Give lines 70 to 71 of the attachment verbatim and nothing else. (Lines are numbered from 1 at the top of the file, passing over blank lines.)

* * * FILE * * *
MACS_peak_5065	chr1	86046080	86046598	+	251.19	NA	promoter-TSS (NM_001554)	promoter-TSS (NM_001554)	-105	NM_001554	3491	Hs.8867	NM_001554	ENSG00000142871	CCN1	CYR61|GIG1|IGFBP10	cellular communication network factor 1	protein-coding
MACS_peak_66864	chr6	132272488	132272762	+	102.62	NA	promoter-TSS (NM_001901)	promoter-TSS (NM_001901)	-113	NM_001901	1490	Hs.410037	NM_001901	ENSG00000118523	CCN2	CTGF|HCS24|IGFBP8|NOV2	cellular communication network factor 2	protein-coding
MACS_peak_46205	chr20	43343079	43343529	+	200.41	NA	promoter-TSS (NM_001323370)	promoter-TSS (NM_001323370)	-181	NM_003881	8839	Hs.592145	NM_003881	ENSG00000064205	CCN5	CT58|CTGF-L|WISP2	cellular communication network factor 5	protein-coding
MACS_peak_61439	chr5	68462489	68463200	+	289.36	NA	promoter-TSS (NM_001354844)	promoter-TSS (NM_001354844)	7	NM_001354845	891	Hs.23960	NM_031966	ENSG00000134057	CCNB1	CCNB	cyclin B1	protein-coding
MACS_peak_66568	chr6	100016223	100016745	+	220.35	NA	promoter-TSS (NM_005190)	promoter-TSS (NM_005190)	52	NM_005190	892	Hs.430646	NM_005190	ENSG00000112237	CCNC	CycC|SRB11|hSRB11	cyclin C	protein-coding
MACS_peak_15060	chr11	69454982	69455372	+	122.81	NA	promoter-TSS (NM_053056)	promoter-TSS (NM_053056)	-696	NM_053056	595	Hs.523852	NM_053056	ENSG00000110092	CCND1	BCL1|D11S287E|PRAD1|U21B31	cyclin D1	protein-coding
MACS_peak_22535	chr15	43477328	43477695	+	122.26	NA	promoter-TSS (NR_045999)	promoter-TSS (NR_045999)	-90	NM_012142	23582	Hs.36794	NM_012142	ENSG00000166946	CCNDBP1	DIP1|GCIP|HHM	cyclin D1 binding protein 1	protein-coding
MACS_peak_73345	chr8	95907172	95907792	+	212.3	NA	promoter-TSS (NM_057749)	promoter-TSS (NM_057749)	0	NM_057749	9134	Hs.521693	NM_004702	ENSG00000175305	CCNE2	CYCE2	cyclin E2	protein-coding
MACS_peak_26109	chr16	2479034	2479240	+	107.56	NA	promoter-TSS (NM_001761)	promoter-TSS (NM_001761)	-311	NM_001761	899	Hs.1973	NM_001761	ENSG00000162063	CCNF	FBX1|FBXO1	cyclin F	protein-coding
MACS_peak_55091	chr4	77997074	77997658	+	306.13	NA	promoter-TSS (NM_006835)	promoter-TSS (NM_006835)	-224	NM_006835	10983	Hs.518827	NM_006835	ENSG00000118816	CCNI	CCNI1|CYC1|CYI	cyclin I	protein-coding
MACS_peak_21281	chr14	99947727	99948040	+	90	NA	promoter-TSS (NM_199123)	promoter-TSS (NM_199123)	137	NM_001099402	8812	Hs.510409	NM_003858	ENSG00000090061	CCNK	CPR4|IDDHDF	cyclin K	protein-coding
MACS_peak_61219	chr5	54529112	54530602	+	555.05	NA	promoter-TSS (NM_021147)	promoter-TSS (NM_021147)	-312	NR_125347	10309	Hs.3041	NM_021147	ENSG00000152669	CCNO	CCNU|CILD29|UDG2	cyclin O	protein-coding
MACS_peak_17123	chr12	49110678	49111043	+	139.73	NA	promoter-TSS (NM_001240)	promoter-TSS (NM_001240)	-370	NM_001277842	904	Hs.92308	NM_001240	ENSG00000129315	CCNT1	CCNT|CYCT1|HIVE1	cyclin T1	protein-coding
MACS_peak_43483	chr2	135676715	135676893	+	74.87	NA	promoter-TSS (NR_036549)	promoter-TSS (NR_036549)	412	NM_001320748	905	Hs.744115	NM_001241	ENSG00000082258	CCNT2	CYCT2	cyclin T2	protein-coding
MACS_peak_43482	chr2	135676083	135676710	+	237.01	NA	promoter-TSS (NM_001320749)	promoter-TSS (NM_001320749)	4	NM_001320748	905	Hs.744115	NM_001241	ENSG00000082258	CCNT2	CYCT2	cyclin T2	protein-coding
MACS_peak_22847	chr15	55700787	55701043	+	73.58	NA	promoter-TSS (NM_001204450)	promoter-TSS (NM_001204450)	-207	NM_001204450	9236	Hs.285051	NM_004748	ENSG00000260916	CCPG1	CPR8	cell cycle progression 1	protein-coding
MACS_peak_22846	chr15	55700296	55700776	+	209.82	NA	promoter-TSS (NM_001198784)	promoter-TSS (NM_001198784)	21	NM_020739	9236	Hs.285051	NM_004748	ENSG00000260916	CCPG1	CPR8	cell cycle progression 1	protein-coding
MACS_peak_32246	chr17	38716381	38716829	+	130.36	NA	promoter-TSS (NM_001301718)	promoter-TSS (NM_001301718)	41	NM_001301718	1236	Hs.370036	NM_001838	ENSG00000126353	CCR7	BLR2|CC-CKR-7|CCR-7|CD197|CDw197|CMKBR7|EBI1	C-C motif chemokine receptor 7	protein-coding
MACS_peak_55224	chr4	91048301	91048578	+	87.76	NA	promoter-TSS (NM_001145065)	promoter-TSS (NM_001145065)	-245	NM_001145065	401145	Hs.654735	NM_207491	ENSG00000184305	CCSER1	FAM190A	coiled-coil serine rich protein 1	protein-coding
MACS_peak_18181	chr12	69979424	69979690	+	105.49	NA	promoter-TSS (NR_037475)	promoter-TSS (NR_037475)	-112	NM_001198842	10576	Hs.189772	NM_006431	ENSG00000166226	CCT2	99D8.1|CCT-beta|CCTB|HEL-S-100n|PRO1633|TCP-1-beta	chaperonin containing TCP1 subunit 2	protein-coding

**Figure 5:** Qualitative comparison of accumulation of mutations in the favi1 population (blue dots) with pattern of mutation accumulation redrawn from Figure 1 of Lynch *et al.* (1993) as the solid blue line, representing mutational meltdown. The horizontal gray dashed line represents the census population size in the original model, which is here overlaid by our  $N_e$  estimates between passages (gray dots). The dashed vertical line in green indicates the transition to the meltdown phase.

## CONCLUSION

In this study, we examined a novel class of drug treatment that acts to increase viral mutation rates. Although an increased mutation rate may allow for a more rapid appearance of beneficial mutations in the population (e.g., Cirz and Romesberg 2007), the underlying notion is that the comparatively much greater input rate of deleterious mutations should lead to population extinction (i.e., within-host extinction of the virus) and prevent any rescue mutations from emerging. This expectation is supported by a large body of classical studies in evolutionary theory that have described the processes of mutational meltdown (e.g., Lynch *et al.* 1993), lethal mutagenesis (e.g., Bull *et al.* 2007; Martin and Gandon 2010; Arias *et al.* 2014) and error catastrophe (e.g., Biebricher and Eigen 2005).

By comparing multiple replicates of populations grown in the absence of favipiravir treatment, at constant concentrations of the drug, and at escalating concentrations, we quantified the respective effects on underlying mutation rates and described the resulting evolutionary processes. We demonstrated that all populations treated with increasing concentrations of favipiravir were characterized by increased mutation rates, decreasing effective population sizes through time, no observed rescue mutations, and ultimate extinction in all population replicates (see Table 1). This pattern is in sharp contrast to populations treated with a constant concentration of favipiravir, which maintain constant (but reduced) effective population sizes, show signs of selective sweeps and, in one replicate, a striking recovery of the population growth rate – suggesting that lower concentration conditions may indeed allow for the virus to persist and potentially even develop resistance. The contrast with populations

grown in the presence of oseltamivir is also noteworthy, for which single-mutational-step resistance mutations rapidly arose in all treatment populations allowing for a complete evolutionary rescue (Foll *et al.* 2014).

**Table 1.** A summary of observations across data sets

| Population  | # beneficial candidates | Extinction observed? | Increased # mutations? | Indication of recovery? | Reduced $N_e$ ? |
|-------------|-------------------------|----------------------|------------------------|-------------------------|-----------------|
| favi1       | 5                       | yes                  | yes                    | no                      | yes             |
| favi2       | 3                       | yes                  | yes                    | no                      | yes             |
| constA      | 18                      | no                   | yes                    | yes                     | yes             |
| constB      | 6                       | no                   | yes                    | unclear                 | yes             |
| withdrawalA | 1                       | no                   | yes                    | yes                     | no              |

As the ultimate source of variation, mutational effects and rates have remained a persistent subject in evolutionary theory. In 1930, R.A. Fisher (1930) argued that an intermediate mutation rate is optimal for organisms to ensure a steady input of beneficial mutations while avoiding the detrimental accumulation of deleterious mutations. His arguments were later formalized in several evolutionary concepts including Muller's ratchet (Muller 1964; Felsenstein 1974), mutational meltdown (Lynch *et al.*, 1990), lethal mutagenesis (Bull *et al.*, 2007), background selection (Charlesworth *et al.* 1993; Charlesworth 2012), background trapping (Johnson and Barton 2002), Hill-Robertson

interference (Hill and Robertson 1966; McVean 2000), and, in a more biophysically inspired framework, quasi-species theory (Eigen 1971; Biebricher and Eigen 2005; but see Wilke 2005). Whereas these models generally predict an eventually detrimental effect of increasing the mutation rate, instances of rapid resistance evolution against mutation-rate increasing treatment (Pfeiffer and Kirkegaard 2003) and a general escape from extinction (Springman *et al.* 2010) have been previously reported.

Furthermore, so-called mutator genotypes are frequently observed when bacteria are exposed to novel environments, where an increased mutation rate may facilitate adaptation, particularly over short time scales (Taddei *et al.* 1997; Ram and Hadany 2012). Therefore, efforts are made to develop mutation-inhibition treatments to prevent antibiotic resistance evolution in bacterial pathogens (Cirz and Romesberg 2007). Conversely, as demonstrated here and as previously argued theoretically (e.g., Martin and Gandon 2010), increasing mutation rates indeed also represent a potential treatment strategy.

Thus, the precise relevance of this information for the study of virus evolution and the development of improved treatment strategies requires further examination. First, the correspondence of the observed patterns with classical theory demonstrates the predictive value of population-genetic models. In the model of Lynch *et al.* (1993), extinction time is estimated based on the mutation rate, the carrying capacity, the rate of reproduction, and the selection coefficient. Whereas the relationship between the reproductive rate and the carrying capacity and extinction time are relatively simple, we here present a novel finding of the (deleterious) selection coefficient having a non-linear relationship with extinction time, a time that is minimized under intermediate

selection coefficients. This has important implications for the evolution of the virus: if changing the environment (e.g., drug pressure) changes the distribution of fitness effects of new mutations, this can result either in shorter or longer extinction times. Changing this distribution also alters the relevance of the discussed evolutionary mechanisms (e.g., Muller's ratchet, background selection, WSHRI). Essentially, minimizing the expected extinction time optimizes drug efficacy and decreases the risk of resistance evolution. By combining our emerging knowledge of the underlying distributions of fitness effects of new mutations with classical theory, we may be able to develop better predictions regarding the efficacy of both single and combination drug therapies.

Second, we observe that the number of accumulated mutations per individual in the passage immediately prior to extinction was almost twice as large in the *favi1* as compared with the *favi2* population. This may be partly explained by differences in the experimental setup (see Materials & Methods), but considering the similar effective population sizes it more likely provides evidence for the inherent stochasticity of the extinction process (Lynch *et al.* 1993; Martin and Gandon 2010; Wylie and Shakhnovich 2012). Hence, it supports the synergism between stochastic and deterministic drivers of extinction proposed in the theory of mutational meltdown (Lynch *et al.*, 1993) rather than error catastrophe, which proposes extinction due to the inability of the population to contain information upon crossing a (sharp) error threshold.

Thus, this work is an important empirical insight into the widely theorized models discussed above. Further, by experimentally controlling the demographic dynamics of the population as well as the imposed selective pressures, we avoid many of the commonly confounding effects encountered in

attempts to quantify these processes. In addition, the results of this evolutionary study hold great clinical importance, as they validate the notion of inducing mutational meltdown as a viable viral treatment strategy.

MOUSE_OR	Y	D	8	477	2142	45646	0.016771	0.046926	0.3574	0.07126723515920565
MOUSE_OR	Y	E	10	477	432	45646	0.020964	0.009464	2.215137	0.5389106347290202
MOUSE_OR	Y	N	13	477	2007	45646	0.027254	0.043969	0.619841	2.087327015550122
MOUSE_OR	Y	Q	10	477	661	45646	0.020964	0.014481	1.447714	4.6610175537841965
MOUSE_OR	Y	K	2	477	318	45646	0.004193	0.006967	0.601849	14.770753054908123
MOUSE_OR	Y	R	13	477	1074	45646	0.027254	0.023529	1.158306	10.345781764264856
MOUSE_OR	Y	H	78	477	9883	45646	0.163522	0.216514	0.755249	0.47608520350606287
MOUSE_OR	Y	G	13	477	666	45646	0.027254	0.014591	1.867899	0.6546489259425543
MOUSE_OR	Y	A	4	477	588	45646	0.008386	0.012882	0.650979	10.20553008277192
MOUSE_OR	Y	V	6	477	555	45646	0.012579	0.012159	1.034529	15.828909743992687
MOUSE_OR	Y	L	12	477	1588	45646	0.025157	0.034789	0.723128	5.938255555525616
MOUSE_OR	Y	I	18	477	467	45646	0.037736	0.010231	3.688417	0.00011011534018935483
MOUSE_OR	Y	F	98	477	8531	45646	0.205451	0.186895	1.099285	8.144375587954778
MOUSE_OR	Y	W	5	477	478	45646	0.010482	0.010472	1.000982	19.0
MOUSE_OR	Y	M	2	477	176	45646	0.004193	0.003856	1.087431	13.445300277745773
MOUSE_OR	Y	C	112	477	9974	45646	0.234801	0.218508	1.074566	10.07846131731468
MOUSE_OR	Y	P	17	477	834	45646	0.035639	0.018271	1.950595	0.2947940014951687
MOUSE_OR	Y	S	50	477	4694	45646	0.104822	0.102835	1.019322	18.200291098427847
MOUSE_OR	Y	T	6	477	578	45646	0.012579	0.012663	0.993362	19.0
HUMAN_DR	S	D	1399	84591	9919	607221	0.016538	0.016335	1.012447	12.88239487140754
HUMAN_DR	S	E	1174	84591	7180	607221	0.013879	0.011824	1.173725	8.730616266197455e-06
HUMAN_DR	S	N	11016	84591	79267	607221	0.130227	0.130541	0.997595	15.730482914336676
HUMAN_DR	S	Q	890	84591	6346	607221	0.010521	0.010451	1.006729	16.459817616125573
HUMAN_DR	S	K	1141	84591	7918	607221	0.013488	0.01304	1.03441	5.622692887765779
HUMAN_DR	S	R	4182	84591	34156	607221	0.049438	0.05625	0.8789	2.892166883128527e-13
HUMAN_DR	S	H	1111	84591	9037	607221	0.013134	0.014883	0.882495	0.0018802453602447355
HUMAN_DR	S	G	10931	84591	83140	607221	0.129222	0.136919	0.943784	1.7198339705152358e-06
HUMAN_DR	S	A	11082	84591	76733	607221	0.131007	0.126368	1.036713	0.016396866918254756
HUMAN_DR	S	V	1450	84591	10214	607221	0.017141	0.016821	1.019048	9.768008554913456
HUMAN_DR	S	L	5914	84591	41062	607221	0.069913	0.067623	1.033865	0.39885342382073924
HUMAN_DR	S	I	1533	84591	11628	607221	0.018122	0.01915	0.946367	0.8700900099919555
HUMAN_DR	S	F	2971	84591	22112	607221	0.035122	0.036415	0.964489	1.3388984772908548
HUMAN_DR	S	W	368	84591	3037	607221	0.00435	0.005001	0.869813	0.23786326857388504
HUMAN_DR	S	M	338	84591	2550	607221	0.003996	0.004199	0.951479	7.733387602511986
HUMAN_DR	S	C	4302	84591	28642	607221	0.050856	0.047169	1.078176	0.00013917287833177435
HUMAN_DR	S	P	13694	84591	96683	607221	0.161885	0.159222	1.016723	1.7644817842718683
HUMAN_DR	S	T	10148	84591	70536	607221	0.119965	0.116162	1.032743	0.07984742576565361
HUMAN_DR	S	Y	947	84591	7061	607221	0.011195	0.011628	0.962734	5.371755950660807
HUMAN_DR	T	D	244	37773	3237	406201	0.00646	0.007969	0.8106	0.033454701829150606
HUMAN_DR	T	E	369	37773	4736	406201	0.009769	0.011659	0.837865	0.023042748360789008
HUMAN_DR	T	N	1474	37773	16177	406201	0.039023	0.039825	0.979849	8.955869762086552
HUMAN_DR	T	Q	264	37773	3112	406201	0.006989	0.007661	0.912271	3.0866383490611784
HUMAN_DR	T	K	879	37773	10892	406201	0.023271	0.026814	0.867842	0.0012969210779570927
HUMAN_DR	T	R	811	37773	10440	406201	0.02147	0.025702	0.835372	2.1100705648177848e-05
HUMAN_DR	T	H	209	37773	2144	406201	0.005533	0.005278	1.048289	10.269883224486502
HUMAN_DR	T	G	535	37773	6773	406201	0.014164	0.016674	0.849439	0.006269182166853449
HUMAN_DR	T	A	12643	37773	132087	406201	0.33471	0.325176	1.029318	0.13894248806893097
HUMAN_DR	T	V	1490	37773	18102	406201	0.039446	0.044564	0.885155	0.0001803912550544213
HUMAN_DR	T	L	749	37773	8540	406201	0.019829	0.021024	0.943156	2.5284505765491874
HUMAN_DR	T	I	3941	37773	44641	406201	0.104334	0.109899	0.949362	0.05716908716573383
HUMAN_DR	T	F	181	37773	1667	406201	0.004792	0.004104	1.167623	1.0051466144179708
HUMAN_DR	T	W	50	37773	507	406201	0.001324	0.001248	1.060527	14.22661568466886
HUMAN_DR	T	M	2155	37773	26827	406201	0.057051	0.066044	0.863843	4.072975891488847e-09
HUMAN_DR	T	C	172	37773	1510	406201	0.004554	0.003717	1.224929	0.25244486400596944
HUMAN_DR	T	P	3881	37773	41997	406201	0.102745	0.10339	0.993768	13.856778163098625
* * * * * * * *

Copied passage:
HUMAN_DR	S	V	1450	84591	10214	607221	0.017141	0.016821	1.019048	9.768008554913456
HUMAN_DR	S	L	5914	84591	41062	607221	0.069913	0.067623	1.033865	0.39885342382073924